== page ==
In the hustle and bustle of commercial shopping or time off from work or school, we often forget the true meaning of our holidays. Instead, let’s take a moment to reflect on a holiday true to the American ideal — Veterans Day.
Historically known as Armistice Day, Veterans Day is observed on Nov. 11 every year, marking the end of World War I. Today’s generations often forget the importance of how and why Veterans Day began — but many stay true to the meaning of the day.
One is retired U.S. Army paratrooper Austin “Doc” Bishop.
A graduate of Ellicottville Central School and CA BOCES, Doc went on to serve in the “Geronimo” 1st Brigade Combat Team, 82nd Airborne Division, after high school. He spent three years and four months on active duty, and another year as reserved, attaining the rank of sergeant (E-5). He spent most of his time at Fort Bragg in North Carolina and completed a tour of duty in Afghanistan in 2017.
Doc was an Airborne infantryman and a fire team leader in his unit.
Veterans Day, in his eyes, is different than how civilians view it. While he agrees it is nice to see the pride that comes out of it, especially from the Afghanistan/Iraq veterans, he has one request: “Buy your buddy a beer” and “don’t make a big deal out of it.”
Doc commented that many veterans, including himself, often are proud of their service, but often have to relive difficult moments while functioning in society. He feels a simple gesture of just buying a beer resonates more than a formal handshake. In fact, Doc commented on how uncomfortable it can make a veteran feel when put in that situation.
“We do what we do for a reason,” he said of veterans. “I will appreciate any gesture, but overall an action speaks louder than words.” Recounting his own experiences, Doc spoke of how whenever he sees Vietnam veterans he always buys them drinks.
“We went through the same war, except mine was in a desert, and his was in a jungle,” Doc said. “It is something we have in common, the reason why we put our boots on every day.”
This Veterans Day, take a moment and try to understand how serving can affect someone’s life. Doc spoke of how serving changes someone forever, teaching them lessons no school could dream of. He finds himself applying his experiences of honor, core values, integrity and service into his life after war. War can create bonds that are impossible to break.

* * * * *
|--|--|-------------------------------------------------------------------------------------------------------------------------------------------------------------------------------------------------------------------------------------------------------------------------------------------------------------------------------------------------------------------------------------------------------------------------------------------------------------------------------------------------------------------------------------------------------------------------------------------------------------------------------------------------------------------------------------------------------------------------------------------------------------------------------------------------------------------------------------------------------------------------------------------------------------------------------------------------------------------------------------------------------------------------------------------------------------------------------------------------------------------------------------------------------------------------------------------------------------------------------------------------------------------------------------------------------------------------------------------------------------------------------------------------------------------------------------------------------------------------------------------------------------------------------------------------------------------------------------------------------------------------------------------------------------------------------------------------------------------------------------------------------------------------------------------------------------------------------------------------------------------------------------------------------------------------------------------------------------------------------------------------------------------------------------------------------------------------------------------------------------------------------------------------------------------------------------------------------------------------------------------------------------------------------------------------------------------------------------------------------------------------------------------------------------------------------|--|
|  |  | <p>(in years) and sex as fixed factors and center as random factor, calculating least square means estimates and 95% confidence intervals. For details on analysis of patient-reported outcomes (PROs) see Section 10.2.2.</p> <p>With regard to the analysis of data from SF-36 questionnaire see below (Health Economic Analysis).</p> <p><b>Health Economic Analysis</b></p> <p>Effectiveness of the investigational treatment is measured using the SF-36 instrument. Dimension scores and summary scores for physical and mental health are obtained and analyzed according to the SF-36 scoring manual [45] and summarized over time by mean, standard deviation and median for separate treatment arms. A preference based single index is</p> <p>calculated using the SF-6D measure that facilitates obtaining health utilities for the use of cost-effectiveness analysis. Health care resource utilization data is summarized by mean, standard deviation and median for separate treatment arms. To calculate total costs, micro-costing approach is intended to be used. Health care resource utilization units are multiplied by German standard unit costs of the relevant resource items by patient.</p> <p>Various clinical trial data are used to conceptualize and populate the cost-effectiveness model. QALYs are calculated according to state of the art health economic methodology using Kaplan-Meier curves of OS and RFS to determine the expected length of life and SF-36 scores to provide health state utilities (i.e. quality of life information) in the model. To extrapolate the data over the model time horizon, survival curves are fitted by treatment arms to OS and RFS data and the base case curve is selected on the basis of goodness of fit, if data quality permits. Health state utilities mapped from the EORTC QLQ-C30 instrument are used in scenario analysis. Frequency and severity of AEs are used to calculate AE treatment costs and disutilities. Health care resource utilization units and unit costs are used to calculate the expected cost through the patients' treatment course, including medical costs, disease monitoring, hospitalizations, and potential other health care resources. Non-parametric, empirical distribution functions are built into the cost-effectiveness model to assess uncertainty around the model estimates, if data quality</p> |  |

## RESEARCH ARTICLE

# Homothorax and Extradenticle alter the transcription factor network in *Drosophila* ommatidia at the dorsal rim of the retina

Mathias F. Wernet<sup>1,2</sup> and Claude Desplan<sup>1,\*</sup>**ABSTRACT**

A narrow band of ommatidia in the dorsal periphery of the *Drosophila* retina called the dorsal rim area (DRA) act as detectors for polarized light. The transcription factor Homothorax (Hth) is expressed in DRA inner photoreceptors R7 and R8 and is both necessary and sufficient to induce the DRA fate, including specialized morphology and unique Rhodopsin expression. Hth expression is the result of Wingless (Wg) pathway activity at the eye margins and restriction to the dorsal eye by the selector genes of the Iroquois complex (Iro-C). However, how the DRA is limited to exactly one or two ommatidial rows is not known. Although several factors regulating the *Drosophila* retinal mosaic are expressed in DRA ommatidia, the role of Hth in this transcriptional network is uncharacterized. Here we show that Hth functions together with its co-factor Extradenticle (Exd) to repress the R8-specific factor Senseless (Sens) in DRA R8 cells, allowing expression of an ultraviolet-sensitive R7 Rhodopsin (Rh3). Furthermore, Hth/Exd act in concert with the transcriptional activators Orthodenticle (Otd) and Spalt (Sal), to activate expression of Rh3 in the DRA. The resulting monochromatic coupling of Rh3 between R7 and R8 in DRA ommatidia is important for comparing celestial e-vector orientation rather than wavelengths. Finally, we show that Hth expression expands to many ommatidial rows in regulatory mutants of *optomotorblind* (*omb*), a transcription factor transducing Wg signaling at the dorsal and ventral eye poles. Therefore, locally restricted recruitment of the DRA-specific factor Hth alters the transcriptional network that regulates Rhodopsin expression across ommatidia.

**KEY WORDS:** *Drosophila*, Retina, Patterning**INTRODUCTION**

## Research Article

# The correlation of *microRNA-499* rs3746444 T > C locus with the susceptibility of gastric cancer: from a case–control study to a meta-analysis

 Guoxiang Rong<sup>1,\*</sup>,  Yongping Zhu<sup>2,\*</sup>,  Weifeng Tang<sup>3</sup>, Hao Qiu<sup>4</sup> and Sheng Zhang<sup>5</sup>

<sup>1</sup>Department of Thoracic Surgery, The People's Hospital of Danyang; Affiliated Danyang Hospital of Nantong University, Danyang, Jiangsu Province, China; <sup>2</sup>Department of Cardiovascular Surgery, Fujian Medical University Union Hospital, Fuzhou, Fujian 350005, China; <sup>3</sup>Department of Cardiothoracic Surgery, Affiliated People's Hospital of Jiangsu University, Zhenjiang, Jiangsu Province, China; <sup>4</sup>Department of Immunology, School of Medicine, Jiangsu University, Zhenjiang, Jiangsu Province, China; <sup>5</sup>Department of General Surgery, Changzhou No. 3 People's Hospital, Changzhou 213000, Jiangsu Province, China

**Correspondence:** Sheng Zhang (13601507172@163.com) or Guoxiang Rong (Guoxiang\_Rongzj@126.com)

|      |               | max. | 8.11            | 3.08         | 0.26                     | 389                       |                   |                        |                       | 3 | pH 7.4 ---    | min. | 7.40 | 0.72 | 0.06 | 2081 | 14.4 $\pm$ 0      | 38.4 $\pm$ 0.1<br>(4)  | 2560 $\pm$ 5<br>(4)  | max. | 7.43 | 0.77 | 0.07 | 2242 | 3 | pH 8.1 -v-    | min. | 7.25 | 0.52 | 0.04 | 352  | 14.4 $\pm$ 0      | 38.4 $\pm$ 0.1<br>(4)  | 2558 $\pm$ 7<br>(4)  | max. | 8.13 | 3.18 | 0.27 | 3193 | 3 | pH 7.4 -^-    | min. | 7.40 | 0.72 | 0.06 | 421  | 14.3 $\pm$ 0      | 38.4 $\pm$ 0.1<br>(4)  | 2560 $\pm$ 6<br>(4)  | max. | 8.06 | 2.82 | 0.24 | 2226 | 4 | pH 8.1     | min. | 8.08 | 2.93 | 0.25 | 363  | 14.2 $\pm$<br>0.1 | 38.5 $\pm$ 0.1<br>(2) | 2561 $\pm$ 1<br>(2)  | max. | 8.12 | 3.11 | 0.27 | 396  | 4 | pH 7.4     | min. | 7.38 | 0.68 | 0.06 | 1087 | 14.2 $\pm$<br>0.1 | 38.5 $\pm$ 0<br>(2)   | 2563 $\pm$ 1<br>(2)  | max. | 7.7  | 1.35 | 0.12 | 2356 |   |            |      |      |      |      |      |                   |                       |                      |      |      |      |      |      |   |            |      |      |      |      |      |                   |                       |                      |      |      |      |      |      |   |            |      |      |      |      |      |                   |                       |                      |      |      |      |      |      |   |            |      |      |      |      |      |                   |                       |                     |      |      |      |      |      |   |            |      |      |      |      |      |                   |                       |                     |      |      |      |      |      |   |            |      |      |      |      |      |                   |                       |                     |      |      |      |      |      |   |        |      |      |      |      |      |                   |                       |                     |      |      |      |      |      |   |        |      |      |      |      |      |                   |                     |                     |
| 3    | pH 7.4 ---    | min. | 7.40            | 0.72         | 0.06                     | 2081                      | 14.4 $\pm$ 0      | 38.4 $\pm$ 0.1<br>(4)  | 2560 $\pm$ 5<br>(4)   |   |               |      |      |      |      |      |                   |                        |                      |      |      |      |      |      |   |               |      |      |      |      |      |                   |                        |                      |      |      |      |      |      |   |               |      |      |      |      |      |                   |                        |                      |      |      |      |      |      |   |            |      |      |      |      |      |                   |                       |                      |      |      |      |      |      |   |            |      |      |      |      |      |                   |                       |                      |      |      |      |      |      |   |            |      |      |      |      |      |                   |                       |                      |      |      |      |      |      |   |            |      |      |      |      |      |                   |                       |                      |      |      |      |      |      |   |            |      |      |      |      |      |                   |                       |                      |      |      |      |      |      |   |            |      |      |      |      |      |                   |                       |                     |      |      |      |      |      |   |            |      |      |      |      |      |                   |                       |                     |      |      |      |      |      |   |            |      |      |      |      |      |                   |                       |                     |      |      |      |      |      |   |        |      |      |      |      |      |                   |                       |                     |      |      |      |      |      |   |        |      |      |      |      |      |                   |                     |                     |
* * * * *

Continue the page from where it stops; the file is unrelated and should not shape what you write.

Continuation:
“When you’re put in situations where you are getting shot at every day and almost dying every day with the same people, you forge those unbreakable bonds. You learn how to go into any circumstance with raw arrogance and strength and come out on top nine times out of 10.”
Life after war is an experience most veterans struggle with. Transitioning back into civilian life is hard. “Civilians don’t understand how to react to our dark humor, which helps us cope with the pain.”
As gruesome as it may sound, Doc admitted the reality of serving is “not for the medals or the glory, rather doing what has to be done in order to make it home. … You learn about Murphy’s fifth law of war, which states even if anything cannot go wrong, it will go wrong.”
He said it is something one has to prepare for, regarding life and death. While one learns practical skills on the front line, such has how to mediate risk, the soldier is there for one job and one job only.
Solider-to-civilian status is life-changing, as veterans lose their surrogate family and attempt to settle into that 9-5 in society. Doc commented that the reason he feels drawn to his current career in law enforcement is due to the particular set of skills he has obtained through his life experience as a veteran. This is common among veterans, as they never lose that “Veteran Status,” Doc explained. Veterans continue to feel a part of something bigger than themselves, even at home.
“From front line troop, like I was, to support MOS, naval officer or whatever, your function in the military will continue to evolve to keep the perception of evil at bay,” he said.
“I’ve seen men go through everything from childbirth, divorces and friends dying in my time in the military. Experiencing something so raw with another human being really teaches you a lot. Sergeants are sometimes fathers to their men so that pride or guilt transfers as well.”
Doc spoke highly of his fellow soldiers, commenting that his paratroopers were some of the best ever, in his opinion. He touched on how war taught him to be a dad to his troops, but also a friend.
Doc retired as a sergeant in the 82nd Airborne with a Bronze Star, an Army Commendation Medal and a Purple Heart. He attributes his success to “caffeine and hate” for enemies of the U.S.
This Veterans Day, try to thank a veteran through action. Buy one a beer, offer one a smile — because we are safe at our homes here because of their work in the U.S. Armed Forces.
(Ginna Hensel is a correspondent with the Bradford Publishing Co. group of newspapers and a student at Jamestown Community College.)